When I was approaching my 27th birthday, I received a bonus from work, and like any young twenty-something I was hell-bent on spending it. Enter Mary Queen of Scots, a beautiful Tudor oil-painting I bought off a man clearing an estate in Burgisch Gladbach, a small town in West Germany.
Follower of Federico Zuccaro, traditionally identified as Mary Queen of Scots.
Mary stands one arm on the throne, in front of mullioned windows behind which stands a church. She is wearing a fine red gown with golden brocade, a double string of pearls ending in a crucifix, and holding two roses.
One of the things I always loved about Tudor portraits is the amount of symbolism crammed in. Nothing is there by accident. For example:
The two roses: Representing the House of Lancaster and the House of York, the two families were at war for many years known as the war of the roses. The Tudor dynasty begins when Henry Tudor unites the two families by marrying Elizabeth of York, bringing peace to England.
The pearls: Symbolising great wealth as pearls were extremely rare at this time. They were also seen as symbols of purity due to their white opalescent colour.
The church and the crucifix: Not particularly cryptic symbolism, it posits the sitter as being religious. But keep in mind that the reigning monarch is supposed to be appointed by God and chosen by him to lead the country, so it was pretty important for them to be shown surrounded by religious attributes. In this case it also sends a strong political message from Mary – I have God on my side.
The windows: Mullioned windows are often found in very grand old English houses, many panes fashioned together in a diamond pattern. There is an account of a later Charles II making his way through Europe to Italy and being astounded that some of the houses did not even have windows, as they were still very expensive at this time.
Red velvet and gold brocade: Red symbolises wealth and grandeur as the dyes for the fabric at this time were expensive. Henry VIII passed four differed ‘sumptuous’ codes on who was allowed to wear red, in order to keep control of its social status; “No Englishman under the rank of knight of the garter was allowed to wear crimson velvet in their gowns, coats or any other part of their clothing. ” You can read more in this BBC article, The power of wearing red. Likewise, the gold brocade and lace would have been painstakingly hand-made and extremely valuable.
Identification as Mary Queen of Scots
On the back of the portrait is a label, written in oldy-worldy script and it was primarily this that attracted me to the picture. “Mary Queen of England” it reads. Mary Queen of England? Well England has only had three Queen Marys. One relatively recently in the early twentieth century and wife of George V, another in the form of Mary II the wife of the Dutch King William of Orange, and one way back in the 16th century daughter of Henry VIII and more commonly known as Bloody Mary. Intrigued, my husband and I boarded a train to go and look at the painting and after examining it closely, we were already enamoured by how many questions we had about the painting: How old was it? Why is there a painting in West Germany of Queen Mary? Why would someone want a portrait of a woman whose reign was so viscous and blood thirsty that she was forever remembered as Bloody Mary? All of these questions needed answers and owning the painting felt like embarking on a quest and an opportunity for me to research both Tudor history and art history.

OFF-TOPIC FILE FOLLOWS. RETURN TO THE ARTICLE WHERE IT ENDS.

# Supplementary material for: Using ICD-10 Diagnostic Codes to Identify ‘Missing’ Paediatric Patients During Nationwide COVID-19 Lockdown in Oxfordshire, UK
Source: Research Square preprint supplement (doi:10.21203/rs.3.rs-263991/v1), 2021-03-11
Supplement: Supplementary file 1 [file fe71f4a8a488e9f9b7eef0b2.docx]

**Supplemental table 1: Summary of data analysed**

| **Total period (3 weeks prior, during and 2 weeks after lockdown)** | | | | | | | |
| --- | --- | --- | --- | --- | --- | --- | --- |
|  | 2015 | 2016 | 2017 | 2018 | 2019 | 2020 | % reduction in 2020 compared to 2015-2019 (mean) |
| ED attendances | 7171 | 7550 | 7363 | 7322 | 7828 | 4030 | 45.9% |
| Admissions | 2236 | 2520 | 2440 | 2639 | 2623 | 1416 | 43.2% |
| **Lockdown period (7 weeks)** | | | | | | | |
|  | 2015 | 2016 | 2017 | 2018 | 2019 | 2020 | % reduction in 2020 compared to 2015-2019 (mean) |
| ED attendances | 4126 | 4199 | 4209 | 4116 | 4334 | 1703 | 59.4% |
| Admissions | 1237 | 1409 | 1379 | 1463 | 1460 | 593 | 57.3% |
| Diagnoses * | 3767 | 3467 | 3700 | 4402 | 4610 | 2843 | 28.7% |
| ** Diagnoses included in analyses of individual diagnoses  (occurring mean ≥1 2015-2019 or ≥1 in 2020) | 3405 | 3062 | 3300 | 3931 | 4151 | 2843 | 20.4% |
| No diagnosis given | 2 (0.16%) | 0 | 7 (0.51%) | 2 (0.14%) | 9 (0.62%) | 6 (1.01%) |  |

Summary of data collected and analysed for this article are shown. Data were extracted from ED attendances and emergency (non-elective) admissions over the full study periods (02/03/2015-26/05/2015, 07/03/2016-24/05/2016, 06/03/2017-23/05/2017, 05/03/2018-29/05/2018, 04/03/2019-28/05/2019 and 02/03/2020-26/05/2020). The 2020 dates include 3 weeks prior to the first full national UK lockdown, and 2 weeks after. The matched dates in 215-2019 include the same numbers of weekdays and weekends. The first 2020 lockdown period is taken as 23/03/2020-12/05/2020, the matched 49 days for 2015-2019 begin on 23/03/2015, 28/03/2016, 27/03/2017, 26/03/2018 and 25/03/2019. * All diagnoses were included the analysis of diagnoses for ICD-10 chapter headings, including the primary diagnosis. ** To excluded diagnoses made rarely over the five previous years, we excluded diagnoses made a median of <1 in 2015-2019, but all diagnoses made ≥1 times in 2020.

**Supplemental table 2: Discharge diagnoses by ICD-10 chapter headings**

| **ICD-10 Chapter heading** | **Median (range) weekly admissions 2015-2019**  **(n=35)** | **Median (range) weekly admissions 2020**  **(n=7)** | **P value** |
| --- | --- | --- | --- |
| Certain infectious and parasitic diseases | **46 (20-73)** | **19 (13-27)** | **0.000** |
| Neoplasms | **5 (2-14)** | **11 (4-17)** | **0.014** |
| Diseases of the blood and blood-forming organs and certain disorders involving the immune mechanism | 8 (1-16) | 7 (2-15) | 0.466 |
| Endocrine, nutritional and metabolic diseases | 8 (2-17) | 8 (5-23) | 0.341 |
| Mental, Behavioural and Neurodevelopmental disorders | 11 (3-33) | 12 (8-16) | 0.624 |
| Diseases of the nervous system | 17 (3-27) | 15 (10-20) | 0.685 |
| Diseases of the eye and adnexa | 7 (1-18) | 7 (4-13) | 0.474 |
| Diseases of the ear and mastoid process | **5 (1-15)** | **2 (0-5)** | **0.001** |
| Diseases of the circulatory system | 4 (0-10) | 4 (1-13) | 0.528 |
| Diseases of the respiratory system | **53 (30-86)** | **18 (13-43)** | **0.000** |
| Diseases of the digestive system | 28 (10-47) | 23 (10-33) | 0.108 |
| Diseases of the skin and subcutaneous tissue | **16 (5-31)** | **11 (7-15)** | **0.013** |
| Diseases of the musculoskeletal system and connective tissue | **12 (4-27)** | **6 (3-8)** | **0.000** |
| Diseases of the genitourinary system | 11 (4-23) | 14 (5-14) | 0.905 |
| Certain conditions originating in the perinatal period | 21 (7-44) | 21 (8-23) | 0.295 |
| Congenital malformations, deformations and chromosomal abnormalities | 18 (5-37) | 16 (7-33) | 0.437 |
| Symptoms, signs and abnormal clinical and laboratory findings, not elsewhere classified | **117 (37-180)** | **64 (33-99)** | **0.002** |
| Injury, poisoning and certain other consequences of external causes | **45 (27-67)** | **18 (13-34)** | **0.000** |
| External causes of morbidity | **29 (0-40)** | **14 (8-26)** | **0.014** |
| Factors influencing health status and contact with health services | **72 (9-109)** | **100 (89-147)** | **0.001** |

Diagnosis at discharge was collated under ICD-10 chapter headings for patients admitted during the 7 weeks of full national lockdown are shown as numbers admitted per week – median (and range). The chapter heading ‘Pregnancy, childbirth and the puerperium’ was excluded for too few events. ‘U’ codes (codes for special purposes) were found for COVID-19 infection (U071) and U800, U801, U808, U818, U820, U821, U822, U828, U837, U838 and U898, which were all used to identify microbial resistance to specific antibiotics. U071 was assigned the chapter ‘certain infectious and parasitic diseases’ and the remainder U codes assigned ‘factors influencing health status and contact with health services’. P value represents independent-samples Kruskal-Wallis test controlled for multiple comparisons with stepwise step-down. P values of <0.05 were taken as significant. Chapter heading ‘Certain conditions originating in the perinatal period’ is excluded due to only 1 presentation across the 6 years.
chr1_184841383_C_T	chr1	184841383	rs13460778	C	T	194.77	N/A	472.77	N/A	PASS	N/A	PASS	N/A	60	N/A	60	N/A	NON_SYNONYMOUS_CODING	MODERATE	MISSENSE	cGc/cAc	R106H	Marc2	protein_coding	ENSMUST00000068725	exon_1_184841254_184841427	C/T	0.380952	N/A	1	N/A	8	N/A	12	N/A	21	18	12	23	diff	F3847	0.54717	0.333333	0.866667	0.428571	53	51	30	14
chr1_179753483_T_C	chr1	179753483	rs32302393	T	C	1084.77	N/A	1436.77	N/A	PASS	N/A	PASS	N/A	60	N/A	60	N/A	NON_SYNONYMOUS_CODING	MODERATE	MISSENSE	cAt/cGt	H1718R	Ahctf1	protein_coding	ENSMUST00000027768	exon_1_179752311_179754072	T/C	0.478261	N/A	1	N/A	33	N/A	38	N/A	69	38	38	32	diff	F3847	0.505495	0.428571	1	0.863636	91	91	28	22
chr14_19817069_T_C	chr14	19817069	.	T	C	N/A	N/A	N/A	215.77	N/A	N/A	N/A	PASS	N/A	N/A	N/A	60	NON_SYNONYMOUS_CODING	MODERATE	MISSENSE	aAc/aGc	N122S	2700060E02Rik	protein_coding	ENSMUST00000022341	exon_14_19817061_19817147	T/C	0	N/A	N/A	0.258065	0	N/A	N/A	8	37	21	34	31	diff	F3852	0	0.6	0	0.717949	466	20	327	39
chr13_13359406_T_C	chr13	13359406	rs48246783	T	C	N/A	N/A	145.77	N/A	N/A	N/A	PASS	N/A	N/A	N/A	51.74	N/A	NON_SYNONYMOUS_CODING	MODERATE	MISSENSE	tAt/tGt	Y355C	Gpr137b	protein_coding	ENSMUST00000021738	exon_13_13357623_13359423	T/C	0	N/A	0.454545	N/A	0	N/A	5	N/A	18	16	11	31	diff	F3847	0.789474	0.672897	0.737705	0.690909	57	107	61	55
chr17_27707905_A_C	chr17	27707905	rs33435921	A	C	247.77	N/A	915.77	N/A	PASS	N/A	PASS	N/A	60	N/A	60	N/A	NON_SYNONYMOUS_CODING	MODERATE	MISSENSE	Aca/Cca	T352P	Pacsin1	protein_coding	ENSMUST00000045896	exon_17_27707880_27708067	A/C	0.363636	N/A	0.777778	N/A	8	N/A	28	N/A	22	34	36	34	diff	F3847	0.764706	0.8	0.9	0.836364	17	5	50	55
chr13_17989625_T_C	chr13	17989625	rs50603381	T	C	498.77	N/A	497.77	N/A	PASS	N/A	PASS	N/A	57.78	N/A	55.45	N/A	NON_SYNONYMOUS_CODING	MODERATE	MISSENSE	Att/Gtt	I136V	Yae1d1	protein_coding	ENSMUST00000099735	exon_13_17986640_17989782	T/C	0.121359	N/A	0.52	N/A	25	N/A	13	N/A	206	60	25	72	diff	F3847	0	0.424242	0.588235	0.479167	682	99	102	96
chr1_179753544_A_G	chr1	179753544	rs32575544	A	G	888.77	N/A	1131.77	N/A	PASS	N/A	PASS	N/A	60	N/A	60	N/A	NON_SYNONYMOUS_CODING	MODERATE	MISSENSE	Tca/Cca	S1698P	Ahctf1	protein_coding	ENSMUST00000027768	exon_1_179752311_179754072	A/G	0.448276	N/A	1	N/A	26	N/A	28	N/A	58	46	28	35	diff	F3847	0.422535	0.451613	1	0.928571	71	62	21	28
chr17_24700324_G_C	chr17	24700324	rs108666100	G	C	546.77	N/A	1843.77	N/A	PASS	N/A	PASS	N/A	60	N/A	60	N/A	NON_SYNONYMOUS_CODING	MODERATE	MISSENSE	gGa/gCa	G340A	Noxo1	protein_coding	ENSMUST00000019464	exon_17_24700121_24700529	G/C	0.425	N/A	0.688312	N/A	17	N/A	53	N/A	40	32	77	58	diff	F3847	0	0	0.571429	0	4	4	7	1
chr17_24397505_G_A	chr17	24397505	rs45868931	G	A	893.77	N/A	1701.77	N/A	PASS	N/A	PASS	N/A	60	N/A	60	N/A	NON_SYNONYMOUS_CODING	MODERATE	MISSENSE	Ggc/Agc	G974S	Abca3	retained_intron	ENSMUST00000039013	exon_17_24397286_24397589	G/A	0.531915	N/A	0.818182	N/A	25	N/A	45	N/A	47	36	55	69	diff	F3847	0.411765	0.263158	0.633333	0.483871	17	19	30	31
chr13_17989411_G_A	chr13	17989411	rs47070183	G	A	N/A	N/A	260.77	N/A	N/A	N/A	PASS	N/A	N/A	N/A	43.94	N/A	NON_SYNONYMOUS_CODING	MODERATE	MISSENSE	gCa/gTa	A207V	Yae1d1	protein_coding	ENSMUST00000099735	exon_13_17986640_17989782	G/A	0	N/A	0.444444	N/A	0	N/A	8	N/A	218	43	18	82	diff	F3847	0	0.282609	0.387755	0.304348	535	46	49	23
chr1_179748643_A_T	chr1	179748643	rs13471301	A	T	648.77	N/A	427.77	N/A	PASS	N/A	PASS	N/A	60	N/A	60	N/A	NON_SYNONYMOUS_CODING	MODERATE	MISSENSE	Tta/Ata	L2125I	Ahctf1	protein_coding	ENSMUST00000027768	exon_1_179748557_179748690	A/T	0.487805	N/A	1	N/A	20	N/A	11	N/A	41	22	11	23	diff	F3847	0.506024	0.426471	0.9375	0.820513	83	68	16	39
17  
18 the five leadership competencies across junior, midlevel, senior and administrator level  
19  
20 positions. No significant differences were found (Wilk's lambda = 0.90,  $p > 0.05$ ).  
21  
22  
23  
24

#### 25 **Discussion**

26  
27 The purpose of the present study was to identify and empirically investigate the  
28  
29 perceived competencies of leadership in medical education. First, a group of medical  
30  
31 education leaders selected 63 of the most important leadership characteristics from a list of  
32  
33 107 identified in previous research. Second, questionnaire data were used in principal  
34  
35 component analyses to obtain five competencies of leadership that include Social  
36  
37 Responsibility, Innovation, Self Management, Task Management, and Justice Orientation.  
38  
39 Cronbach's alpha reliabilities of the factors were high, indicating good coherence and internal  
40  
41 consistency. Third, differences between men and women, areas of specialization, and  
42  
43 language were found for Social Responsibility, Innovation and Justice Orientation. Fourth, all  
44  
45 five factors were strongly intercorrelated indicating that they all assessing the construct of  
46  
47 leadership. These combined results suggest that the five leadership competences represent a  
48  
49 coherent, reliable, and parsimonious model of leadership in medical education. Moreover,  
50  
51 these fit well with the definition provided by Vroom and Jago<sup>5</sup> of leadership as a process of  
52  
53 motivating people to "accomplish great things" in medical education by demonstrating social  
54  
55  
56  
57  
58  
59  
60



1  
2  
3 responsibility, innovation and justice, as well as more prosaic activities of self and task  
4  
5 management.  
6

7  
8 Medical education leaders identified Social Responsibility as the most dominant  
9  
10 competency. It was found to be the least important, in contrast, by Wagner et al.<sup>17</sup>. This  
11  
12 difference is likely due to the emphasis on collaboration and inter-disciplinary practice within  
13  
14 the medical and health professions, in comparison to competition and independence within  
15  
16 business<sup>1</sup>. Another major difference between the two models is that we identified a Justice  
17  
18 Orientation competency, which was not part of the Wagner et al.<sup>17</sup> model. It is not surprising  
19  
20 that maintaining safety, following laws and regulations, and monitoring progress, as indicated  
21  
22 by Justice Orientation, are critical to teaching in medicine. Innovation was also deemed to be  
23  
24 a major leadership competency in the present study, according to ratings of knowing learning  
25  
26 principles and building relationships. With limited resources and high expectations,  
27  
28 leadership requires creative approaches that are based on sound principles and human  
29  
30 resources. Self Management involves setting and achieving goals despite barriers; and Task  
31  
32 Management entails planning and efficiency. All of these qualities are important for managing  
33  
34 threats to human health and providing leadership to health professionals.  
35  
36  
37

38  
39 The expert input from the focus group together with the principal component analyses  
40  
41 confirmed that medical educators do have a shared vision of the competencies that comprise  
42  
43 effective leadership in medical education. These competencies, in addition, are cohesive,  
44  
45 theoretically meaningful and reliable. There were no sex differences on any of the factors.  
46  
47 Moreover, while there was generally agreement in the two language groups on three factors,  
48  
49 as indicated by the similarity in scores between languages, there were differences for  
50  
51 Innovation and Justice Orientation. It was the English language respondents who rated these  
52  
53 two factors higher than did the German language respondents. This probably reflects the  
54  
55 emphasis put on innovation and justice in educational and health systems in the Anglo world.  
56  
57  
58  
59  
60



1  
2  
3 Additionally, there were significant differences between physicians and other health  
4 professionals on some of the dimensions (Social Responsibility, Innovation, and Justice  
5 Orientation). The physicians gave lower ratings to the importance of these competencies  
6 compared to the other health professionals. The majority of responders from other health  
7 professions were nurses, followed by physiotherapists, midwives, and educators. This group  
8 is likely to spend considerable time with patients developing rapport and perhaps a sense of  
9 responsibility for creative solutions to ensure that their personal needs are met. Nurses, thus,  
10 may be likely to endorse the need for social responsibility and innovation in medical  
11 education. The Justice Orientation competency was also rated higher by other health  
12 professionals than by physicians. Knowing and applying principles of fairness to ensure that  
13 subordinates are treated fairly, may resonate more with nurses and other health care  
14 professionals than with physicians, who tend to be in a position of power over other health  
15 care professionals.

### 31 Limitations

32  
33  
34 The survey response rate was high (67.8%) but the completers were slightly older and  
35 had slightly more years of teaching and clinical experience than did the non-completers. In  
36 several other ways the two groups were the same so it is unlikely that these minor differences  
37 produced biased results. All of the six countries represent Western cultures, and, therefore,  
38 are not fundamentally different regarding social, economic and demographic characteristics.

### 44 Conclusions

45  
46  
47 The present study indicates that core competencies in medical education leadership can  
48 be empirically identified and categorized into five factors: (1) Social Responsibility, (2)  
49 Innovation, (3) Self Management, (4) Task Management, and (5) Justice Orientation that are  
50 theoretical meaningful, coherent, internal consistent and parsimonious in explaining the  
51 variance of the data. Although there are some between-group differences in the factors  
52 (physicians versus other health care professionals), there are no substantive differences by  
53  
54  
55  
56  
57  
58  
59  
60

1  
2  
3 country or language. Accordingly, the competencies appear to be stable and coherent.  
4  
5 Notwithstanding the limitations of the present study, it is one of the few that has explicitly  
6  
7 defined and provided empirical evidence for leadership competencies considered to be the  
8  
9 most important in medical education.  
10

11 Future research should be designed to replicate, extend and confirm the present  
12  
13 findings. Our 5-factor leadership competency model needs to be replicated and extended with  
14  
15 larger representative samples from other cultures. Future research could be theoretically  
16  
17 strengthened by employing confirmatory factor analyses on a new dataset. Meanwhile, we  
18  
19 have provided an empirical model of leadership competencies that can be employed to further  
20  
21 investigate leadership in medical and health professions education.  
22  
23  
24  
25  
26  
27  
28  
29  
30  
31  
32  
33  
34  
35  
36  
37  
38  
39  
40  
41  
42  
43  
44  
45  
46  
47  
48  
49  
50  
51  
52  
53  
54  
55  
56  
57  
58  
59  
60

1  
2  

The most obvious thing about this painting is that as soon as you start researching Mary Tudor or Bloody Mary you see that she looks completely different. Snub-nosed and rather matronly looking, this picture features a woman with a long bony nose, heart-shaped face and darker hair. It also looks as if Mary Tudor might have had blue eyes where’s this image had brown eyes. It is clearly not of Mary Tudor. The portrait is also wearing 16th century dress and again had differing features from Mary the second. Which then left another Mary, Mary Queen of Scots, never a Queen of England but still a Tudor and cousin of Elizabeth 1st. Born a catholic, Mary was archrival to Elizabeth who was a staunch protestant as the daughter of Anne Boleyn. Catholics maintained that divorce was illegitimate and by default so was Elizabeth and therefore she had no right to the crown. Naturally Elizabeth kept Mary at arms length, eventually having her beheaded after a murder plot was uncovered to kill Elizabeth. Mary was executed in 1587 for treason, but her son King James VI later succeeded Elizabeth as King of England, beginning the Stuart dynasty.
Attribution to Federico Zuccaro (i)
Once I had established that the painting was of Mary Queen of Scots it became relatively easy to trace other images back to the original. Known as The Carleton Portrait, the first known image of this woman in these clothes is attributed to Federico Zuccaro and hangs in Chatsworth House in Derbyshire.